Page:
(A good example of this is the effect of pornography on the will.  Like a mood-altering drug, it disables the will, leads to other sexual sins and disorders, and even sometimes to criminal behavior, because it takes more and more powerful “doses” of pornography to get the same result.  It becomes an addiction as potent as heroin in its self-destructive possibilities.  Unless a wise and pious priest or parent can intervene at an early stage, it becomes a vicious cycle as the will becomes more and more disabled.)

            Patristically and psychologically, true freedom of will depends upon the information or content it has been given from birth to act upon.  Certain kinds of mental illness, however, either result in, or arise from, a will that is so disabled or blind that it can no longer integrate information; there is no longer full and free interaction between mind and will.  The will then starts to will what can’t be willed; it becomes irrational, impulsive, addictive, violent and, ultimately, manifests itself in life-threatening extremes.  It has lost its way.  In such circumstances, pastoral counseling quickly reveals to the priest that his rational instruction and guidance can be of very little help unless he has specialized training or the help of those who do.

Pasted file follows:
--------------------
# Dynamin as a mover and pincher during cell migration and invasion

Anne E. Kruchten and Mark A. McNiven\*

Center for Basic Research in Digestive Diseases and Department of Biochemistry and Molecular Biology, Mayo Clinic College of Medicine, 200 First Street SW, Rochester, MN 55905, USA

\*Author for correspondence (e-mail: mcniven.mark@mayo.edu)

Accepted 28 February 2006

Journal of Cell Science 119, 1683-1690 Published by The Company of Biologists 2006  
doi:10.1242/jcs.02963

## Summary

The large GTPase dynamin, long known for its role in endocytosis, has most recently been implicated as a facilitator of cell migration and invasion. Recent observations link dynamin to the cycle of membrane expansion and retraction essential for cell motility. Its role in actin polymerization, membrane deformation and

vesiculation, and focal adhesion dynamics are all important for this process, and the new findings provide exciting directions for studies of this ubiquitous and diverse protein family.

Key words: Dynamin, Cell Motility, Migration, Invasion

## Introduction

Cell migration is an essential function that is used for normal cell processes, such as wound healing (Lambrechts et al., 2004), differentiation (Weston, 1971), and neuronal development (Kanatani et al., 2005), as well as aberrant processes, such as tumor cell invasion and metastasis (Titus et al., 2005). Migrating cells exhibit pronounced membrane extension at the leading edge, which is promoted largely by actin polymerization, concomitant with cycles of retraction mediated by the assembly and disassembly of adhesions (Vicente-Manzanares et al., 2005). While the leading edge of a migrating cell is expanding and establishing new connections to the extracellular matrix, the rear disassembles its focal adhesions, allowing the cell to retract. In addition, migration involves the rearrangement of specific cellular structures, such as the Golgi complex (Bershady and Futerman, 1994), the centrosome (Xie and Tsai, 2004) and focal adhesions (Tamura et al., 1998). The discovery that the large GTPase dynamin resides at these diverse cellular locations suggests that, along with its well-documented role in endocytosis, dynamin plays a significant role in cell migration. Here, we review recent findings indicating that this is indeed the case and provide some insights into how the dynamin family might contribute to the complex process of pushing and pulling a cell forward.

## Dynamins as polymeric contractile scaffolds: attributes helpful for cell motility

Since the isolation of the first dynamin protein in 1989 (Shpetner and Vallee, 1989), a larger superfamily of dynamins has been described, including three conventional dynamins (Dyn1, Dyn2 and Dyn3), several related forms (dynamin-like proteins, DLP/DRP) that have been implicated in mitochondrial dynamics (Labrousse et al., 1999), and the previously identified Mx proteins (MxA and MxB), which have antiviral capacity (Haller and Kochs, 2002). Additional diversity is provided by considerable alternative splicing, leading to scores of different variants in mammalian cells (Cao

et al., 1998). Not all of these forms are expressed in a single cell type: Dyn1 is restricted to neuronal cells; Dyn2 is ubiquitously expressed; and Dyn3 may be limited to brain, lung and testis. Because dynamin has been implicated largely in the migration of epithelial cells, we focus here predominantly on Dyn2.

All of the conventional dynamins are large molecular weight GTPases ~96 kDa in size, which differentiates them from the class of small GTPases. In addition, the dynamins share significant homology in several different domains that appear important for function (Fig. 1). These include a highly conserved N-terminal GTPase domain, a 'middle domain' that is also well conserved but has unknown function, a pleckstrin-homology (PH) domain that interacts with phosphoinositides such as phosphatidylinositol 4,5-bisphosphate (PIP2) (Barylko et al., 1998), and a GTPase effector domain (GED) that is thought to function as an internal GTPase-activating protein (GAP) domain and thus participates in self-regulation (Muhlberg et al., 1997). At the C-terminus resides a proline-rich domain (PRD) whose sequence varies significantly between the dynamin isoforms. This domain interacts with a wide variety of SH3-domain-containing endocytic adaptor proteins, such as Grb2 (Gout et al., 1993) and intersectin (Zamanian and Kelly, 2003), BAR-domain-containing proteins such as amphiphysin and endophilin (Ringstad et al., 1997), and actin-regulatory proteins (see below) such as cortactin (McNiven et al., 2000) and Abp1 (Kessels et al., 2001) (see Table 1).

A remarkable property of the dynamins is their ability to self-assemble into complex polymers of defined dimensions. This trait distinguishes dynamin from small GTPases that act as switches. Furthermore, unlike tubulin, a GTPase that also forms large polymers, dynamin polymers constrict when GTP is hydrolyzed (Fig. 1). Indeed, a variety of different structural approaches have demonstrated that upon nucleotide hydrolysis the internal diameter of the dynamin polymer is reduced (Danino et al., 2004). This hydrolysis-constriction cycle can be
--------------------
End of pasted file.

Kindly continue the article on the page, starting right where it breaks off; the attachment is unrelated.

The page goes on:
Of course, the presence of mental illness does not mean that prayer should be neglected for a single moment.  Quite the contrary.  Prayer, the grace of the Sacraments, contact with holy relics and wonderworking icons – all of these must be assiduously brought into contact with the mentally ill.  This assures that the demonic element (which is sometimes present because of the cause-effect relationship between certain kinds of sin and emotional disorder) will be subdued, and that the afflicted one will be receiving maximum spiritual support during a period of professional therapy.  This, of course, is also  the way in which miraculous healing can take place, if God so wills.